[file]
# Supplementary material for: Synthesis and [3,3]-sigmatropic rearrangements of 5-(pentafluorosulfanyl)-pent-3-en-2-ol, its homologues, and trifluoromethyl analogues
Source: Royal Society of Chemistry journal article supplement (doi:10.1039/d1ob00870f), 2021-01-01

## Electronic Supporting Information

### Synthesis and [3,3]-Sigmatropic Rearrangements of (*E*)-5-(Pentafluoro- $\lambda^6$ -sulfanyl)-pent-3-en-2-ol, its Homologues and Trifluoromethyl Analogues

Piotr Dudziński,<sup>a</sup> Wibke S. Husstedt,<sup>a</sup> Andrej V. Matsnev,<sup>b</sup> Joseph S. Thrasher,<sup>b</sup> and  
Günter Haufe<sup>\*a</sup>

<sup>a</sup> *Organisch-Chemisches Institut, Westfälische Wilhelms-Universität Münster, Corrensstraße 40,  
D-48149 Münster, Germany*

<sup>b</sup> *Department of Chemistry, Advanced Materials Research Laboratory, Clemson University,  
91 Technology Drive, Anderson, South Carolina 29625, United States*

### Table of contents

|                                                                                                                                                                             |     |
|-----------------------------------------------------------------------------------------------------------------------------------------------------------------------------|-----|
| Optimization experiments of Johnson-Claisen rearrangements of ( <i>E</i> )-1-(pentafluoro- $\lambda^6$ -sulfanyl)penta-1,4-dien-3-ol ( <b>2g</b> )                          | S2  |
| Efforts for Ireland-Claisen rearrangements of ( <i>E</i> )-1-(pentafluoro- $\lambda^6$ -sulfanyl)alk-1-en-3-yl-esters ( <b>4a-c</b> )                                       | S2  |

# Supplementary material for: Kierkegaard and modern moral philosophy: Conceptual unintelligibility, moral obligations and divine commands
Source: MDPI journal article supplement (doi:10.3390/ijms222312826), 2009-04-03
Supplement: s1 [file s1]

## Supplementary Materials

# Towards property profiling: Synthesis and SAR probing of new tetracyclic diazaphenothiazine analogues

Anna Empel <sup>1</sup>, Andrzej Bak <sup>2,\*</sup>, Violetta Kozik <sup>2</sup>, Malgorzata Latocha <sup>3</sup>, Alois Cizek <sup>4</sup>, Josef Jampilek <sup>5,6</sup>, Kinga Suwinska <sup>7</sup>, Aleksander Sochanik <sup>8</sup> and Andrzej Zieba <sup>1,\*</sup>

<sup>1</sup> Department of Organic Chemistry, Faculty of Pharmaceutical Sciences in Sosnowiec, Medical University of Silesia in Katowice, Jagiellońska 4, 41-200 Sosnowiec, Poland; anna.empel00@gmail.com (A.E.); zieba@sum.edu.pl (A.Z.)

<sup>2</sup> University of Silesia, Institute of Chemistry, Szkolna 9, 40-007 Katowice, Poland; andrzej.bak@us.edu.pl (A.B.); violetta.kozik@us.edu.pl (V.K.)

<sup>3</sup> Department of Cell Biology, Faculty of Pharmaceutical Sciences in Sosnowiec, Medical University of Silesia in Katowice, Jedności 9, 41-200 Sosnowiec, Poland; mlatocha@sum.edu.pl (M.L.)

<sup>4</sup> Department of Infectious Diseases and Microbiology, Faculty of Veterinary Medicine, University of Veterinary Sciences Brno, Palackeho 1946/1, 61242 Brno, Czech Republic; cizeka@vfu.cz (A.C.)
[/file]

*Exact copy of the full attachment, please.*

# Supplementary material for: Synthesis and [3,3]-sigmatropic rearrangements of 5-(pentafluorosulfanyl)-pent-3-en-2-ol, its homologues, and trifluoromethyl analogues
Source: Royal Society of Chemistry journal article supplement (doi:10.1039/d1ob00870f), 2021-01-01

## Electronic Supporting Information

### Synthesis and [3,3]-Sigmatropic Rearrangements of (*E*)-5-(Pentafluoro- $\lambda^6$ -sulfanyl)-pent-3-en-2-ol, its Homologues and Trifluoromethyl Analogues

Piotr Dudziński,<sup>a</sup> Wibke S. Husstedt,<sup>a</sup> Andrej V. Matsnev,<sup>b</sup> Joseph S. Thrasher,<sup>b</sup> and  
Günter Haufe<sup>\*a</sup>

<sup>a</sup> *Organisch-Chemisches Institut, Westfälische Wilhelms-Universität Münster, Corrensstraße 40,  
D-48149 Münster, Germany*

<sup>b</sup> *Department of Chemistry, Advanced Materials Research Laboratory, Clemson University,  
91 Technology Drive, Anderson, South Carolina 29625, United States*

### Table of contents

|                                                                                                                                                                             |     |
|-----------------------------------------------------------------------------------------------------------------------------------------------------------------------------|-----|
| Optimization experiments of Johnson-Claisen rearrangements of ( <i>E</i> )-1-(pentafluoro- $\lambda^6$ -sulfanyl)penta-1,4-dien-3-ol ( <b>2g</b> )                          | S2  |
| Efforts for Ireland-Claisen rearrangements of ( <i>E</i> )-1-(pentafluoro- $\lambda^6$ -sulfanyl)alk-1-en-3-yl-esters ( <b>4a-c</b> )                                       | S2  |

# Supplementary material for: Kierkegaard and modern moral philosophy: Conceptual unintelligibility, moral obligations and divine commands
Source: MDPI journal article supplement (doi:10.3390/ijms222312826), 2009-04-03
Supplement: s1 [file s1]

## Supplementary Materials

# Towards property profiling: Synthesis and SAR probing of new tetracyclic diazaphenothiazine analogues

Anna Empel <sup>1</sup>, Andrzej Bak <sup>2,\*</sup>, Violetta Kozik <sup>2</sup>, Malgorzata Latocha <sup>3</sup>, Alois Cizek <sup>4</sup>, Josef Jampilek <sup>5,6</sup>, Kinga Suwinska <sup>7</sup>, Aleksander Sochanik <sup>8</sup> and Andrzej Zieba <sup>1,\*</sup>

<sup>1</sup> Department of Organic Chemistry, Faculty of Pharmaceutical Sciences in Sosnowiec, Medical University of Silesia in Katowice, Jagiellońska 4, 41-200 Sosnowiec, Poland; anna.empel00@gmail.com (A.E.); zieba@sum.edu.pl (A.Z.)

<sup>2</sup> University of Silesia, Institute of Chemistry, Szkolna 9, 40-007 Katowice, Poland; andrzej.bak@us.edu.pl (A.B.); violetta.kozik@us.edu.pl (V.K.)

<sup>3</sup> Department of Cell Biology, Faculty of Pharmaceutical Sciences in Sosnowiec, Medical University of Silesia in Katowice, Jedności 9, 41-200 Sosnowiec, Poland; mlatocha@sum.edu.pl (M.L.)

<sup>4</sup> Department of Infectious Diseases and Microbiology, Faculty of Veterinary Medicine, University of Veterinary Sciences Brno, Palackeho 1946/1, 61242 Brno, Czech Republic; cizeka@vfu.cz (A.C.)